The World’s Highest Capital City

La Paz, Bolivia, at Night

If you want to land in a capital city so high up that you will get an immediate nosebleed and tumble headfirst down the steps of the airplane, you would pick La Paz, Bolivia. The average altitude of El Alto, where the airport is located, is 13,615 feet (or 4,150 meters). The city itself is about 2,000 feet lower, about the same altitude of Lhasa, Tibet.

In The Old Patagonian Express, Paul Theroux talks about his accident-proneness at high altitude. Taking some aspirin in his hotel room, he drops the water tumbler into the sink. Trying to pick up the pieces, he cut himself badly and decided to seek medical attention:

But I had not gone two blocks when the new towel I had wrapped around my hand was soaked with blood. It did not hurt, but it looked dreadful. I hid it under my arm so as not to alarm pedestrians. Then the blood dripped on the sidewalk and I thought: God damn. It was deeply embarrassing to be walking through this large gray city with a blood-soaked towel on my hand. I began to wish I had tried the rubber band. I left spatters of blood on the crosswalk, and more spatters on the plaza. I asked directions to the pharmacy and saw, when I looked back, that there was a pool of blood where I had paused, and a horrified Bolivian watching me. I tried not to run: running makes your heart beat faster and you bleed more.

Of course, if Theroux had been trying to cope with the altitude by taking aspirin, his blood was not likely to clot soon. He should have chewed coca leaves with an alkaloid, or drank some mate de coca tea. But then, this was the 1970s, and this was not generally known to gringo travelers.

Bolivia has had a violent political history, with presidents changing office approximately once a year—or even more often. In 1948, some angry rebels yanked President Gualberto Villaroel from the balcony of his palace and proceeded to lynch him from a lamppost in the plaza. Fortunately, the present government is a little more stable

 

Ghost Train to Anywhere

Paul Theroux on One of His Mythical Train Rides

Paul Theroux on One of His Mythical Train Rides

For almost forty years, I have been traveling around the world with Paul Theroux—starting with his train ride books The Great Railway Bazaar (1975) and The Old Patagonian Express (1979) to whatever I could get my hands on. Even when I said to myself, “This guy is altogether too snarky,” I followed his adventures with an interest bordering on zeal.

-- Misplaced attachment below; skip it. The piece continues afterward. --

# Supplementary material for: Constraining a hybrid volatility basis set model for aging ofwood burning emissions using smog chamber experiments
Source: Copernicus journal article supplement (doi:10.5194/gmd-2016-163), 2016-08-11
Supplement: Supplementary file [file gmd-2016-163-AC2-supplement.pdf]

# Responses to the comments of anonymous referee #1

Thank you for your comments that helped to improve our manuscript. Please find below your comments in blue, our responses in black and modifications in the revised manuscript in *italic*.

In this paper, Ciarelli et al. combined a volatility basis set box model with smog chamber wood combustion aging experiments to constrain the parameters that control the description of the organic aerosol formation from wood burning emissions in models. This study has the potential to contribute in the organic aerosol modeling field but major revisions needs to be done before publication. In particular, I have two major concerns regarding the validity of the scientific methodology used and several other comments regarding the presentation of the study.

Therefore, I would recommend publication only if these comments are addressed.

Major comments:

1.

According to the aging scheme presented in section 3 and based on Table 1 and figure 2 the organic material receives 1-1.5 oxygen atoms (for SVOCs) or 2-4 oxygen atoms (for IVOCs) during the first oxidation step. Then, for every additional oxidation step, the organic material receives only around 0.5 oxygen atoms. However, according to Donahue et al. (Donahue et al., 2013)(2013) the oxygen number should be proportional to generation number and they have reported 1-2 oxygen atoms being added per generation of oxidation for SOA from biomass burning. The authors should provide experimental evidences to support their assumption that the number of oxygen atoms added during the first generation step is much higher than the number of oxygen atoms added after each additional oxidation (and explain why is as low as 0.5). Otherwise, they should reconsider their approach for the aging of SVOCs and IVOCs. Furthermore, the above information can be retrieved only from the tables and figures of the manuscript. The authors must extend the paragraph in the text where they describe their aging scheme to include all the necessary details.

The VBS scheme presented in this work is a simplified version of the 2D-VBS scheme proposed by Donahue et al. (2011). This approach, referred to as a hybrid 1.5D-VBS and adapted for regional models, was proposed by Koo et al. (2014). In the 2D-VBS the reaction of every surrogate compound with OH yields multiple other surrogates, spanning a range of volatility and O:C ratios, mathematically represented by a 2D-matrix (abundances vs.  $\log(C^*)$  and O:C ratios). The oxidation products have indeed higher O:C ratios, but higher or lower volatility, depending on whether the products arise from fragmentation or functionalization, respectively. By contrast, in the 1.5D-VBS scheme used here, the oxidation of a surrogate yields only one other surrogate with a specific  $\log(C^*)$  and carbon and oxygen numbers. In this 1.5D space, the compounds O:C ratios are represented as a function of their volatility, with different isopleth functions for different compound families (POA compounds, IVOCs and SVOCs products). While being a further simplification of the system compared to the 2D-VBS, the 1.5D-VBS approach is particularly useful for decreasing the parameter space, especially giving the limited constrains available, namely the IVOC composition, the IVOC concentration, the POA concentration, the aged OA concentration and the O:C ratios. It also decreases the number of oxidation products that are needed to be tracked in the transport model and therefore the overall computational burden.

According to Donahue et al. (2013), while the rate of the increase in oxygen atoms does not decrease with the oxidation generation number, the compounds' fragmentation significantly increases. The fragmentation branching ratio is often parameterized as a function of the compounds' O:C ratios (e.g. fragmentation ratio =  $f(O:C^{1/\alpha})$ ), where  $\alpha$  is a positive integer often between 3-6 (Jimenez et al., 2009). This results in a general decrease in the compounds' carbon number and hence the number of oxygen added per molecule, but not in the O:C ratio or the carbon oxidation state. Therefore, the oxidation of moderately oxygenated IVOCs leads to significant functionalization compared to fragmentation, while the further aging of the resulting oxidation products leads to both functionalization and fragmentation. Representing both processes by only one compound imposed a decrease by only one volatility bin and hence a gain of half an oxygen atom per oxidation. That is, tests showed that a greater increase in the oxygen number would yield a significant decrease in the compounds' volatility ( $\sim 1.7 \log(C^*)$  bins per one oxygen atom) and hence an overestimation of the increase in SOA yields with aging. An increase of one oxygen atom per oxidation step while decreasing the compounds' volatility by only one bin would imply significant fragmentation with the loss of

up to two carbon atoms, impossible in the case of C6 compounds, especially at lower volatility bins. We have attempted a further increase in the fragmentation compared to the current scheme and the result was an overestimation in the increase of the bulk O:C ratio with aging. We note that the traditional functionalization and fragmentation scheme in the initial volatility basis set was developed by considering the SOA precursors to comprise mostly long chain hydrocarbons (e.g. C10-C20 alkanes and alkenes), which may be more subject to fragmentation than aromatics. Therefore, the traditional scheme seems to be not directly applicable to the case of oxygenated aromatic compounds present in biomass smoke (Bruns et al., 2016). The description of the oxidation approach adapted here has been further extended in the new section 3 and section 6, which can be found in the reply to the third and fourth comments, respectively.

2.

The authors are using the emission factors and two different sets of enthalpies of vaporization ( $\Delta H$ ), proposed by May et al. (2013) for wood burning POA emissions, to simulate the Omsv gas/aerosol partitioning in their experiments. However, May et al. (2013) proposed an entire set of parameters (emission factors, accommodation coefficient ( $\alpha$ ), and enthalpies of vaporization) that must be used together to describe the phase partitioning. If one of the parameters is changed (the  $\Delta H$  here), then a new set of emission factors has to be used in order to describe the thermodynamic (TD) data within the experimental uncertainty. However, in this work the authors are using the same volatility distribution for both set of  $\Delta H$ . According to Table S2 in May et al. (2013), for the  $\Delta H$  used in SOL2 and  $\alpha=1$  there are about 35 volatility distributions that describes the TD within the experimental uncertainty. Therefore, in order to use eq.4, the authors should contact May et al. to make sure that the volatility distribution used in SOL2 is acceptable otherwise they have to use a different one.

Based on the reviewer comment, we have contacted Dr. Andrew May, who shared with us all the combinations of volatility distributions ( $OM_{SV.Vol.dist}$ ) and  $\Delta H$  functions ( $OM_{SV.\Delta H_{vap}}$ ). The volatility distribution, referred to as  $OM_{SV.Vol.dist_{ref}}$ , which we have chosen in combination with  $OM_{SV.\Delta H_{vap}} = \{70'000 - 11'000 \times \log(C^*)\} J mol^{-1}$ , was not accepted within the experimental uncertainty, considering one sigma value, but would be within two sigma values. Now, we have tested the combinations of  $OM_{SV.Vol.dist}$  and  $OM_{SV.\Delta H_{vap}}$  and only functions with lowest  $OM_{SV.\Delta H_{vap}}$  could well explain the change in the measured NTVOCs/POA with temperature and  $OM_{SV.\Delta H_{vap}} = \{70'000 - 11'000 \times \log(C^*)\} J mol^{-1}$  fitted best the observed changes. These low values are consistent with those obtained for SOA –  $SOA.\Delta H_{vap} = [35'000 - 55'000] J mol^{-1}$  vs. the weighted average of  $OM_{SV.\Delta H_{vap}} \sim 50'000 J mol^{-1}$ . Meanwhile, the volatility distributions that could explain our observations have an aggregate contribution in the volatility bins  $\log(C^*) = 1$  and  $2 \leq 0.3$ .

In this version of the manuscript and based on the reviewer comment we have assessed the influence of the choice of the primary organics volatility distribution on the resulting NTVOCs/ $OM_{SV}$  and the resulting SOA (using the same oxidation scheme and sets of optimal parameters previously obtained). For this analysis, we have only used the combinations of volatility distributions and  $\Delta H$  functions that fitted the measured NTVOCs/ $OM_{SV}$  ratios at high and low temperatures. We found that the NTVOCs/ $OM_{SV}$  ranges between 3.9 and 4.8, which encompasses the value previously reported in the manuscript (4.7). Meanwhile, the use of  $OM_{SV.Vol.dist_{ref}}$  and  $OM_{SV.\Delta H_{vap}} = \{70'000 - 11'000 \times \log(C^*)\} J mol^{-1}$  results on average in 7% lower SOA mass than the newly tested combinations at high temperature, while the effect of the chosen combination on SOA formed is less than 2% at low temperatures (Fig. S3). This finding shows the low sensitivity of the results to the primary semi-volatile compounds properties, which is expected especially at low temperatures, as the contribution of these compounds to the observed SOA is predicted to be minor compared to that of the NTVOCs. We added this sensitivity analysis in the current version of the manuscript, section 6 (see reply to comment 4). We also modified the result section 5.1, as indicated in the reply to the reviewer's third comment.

Only now do I realize he is one of the great influences on my life. It was not until November 1975 that I began my own travels (other than back and forth between Los Angeles and Cleveland). My visit to Yucatán opened my eyes and was followed by trips to Britain, Hungary, Czechoslovakia, and a lot more of Mexico. It was as if the floodgates were open, and my eyes were focussed on the world at large, and not just at whatever place I was living at the time.

I have glorious memories of my trips, even the first one to Argentina, when I broke my right shoulder in a blizzard in Tierra del Fuego. I was hooked, and have been ever since.

Yeah, I Second the Motion!

Yeah, I Second the Motion!

A few days ago, I finished reading Theroux’s Ghost Train to the Eastern Star (2008) in which I found the following quotes which resonated with me:

Often on a trip, I seem to be alive in a hallucinatory vision of difference, the highly colored unreality of foreignness, where I am vividly aware (as in most dreams) that I don’t belong; yet I am floating, an idle anonymous visitor among busy people, an utter stranger. When you’re strange, as the song goes, no one remembers your name.

Also, it doesn’t matter any more who’s topping the charts. Taylor Swift doesn’t mean anything to me; and if Kim Kardashian’s ass were offered to me on a silver platter, I would not too politely refuse. I have climbed the Mayan pyramids at Uxmal and Chichén Itzá. I have taken a fall at Magallanes and Rivadavia in Ushuaiah and injured myself. I have visited two Communist Eastern European countries before 1989. I have seen things most people have not seen, and it has changed me forever.

It seemed to me that this was the whole point of traveling—to arrive alone, like a specter, in a strange country at nightfall, not in the brightly lit capital but by the back door, i9n the wooded countryside, hundreds of miles from the metropolis where typically people didn’t see many strangers and were hospitable and did not instantly think of me as money on two legs.

Being a traveler is being something of a loner. I am certainly that. But I wouldn’t have it any other way. I will travel as long as I can.